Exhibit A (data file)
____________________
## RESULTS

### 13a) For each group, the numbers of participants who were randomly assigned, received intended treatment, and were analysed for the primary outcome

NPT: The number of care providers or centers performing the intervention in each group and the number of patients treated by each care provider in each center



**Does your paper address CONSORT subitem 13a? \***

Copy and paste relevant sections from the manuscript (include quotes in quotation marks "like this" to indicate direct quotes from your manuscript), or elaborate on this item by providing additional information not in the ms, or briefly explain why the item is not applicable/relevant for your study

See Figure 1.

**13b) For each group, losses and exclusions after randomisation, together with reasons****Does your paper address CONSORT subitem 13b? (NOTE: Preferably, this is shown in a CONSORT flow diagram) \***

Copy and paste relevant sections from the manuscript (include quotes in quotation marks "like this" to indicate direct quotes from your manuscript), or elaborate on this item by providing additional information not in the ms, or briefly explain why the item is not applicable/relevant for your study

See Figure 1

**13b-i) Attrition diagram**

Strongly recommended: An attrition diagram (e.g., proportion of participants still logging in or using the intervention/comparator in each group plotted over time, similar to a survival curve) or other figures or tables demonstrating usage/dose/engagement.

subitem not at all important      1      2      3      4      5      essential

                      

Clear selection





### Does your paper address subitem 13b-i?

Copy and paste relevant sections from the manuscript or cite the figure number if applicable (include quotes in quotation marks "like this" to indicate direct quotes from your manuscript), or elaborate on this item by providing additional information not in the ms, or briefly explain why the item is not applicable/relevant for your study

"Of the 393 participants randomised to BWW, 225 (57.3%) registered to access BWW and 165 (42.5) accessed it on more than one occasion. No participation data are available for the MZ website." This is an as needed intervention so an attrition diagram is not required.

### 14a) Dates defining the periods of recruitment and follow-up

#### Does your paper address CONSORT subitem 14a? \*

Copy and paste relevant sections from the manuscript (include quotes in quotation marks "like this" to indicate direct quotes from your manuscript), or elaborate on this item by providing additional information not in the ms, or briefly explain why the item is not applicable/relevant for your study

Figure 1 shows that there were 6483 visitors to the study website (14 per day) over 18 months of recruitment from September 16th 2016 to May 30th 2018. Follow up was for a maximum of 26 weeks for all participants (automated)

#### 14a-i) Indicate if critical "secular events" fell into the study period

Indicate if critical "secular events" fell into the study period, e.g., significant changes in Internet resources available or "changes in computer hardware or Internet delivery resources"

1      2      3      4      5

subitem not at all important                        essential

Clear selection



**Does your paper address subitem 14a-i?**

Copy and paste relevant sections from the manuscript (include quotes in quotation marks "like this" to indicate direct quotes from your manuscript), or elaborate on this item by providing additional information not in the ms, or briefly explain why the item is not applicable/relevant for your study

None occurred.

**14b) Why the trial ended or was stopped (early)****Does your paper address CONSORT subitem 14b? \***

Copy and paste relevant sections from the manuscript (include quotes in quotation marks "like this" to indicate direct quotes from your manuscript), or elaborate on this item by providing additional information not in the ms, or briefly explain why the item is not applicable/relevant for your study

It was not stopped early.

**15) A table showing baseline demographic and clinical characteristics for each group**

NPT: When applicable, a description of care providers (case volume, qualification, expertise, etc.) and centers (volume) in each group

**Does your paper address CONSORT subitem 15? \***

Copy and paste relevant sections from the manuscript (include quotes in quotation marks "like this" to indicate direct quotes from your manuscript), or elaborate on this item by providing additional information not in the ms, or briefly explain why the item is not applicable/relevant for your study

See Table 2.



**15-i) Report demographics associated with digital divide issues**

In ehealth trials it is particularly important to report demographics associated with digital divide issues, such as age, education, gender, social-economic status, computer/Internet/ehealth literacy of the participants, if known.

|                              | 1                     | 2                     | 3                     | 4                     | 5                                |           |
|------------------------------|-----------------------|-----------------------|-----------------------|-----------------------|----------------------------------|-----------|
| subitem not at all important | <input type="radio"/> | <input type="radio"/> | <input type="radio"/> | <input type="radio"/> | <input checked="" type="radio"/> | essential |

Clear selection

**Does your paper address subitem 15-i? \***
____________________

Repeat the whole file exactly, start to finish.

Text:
## RESULTS

### 13a) For each group, the numbers of participants who were randomly assigned, received intended treatment, and were analysed for the primary outcome

NPT: The number of care providers or centers performing the intervention in each group and the number of patients treated by each care provider in each center



**Does your paper address CONSORT subitem 13a? \***

Copy and paste relevant sections from the manuscript (include quotes in quotation marks "like this" to indicate direct quotes from your manuscript), or elaborate on this item by providing additional information not in the ms, or briefly explain why the item is not applicable/relevant for your study

See Figure 1.

**13b) For each group, losses and exclusions after randomisation, together with reasons****Does your paper address CONSORT subitem 13b? (NOTE: Preferably, this is shown in a CONSORT flow diagram) \***

Copy and paste relevant sections from the manuscript (include quotes in quotation marks "like this" to indicate direct quotes from your manuscript), or elaborate on this item by providing additional information not in the ms, or briefly explain why the item is not applicable/relevant for your study

See Figure 1

**13b-i) Attrition diagram**

Strongly recommended: An attrition diagram (e.g., proportion of participants still logging in or using the intervention/comparator in each group plotted over time, similar to a survival curve) or other figures or tables demonstrating usage/dose/engagement.

subitem not at all important      1      2      3      4      5      essential

                      

Clear selection





### Does your paper address subitem 13b-i?

Copy and paste relevant sections from the manuscript or cite the figure number if applicable (include quotes in quotation marks "like this" to indicate direct quotes from your manuscript), or elaborate on this item by providing additional information not in the ms, or briefly explain why the item is not applicable/relevant for your study

"Of the 393 participants randomised to BWW, 225 (57.3%) registered to access BWW and 165 (42.5) accessed it on more than one occasion. No participation data are available for the MZ website." This is an as needed intervention so an attrition diagram is not required.

### 14a) Dates defining the periods of recruitment and follow-up

#### Does your paper address CONSORT subitem 14a? \*

Copy and paste relevant sections from the manuscript (include quotes in quotation marks "like this" to indicate direct quotes from your manuscript), or elaborate on this item by providing additional information not in the ms, or briefly explain why the item is not applicable/relevant for your study

Figure 1 shows that there were 6483 visitors to the study website (14 per day) over 18 months of recruitment from September 16th 2016 to May 30th 2018. Follow up was for a maximum of 26 weeks for all participants (automated)

#### 14a-i) Indicate if critical "secular events" fell into the study period

Indicate if critical "secular events" fell into the study period, e.g., significant changes in Internet resources available or "changes in computer hardware or Internet delivery resources"

1      2      3      4      5

subitem not at all important                        essential

Clear selection



**Does your paper address subitem 14a-i?**

Copy and paste relevant sections from the manuscript (include quotes in quotation marks "like this" to indicate direct quotes from your manuscript), or elaborate on this item by providing additional information not in the ms, or briefly explain why the item is not applicable/relevant for your study

None occurred.

**14b) Why the trial ended or was stopped (early)****Does your paper address CONSORT subitem 14b? \***

Copy and paste relevant sections from the manuscript (include quotes in quotation marks "like this" to indicate direct quotes from your manuscript), or elaborate on this item by providing additional information not in the ms, or briefly explain why the item is not applicable/relevant for your study

It was not stopped early.

**15) A table showing baseline demographic and clinical characteristics for each group**

NPT: When applicable, a description of care providers (case volume, qualification, expertise, etc.) and centers (volume) in each group

**Does your paper address CONSORT subitem 15? \***

Copy and paste relevant sections from the manuscript (include quotes in quotation marks "like this" to indicate direct quotes from your manuscript), or elaborate on this item by providing additional information not in the ms, or briefly explain why the item is not applicable/relevant for your study

See Table 2.



**15-i) Report demographics associated with digital divide issues**

In ehealth trials it is particularly important to report demographics associated with digital divide issues, such as age, education, gender, social-economic status, computer/Internet/ehealth literacy of the participants, if known.

|                              | 1                     | 2                     | 3                     | 4                     | 5                                |           |
|------------------------------|-----------------------|-----------------------|-----------------------|-----------------------|----------------------------------|-----------|
| subitem not at all important | <input type="radio"/> | <input type="radio"/> | <input type="radio"/> | <input type="radio"/> | <input checked="" type="radio"/> | essential |

Clear selection

**Does your paper address subitem 15-i? \***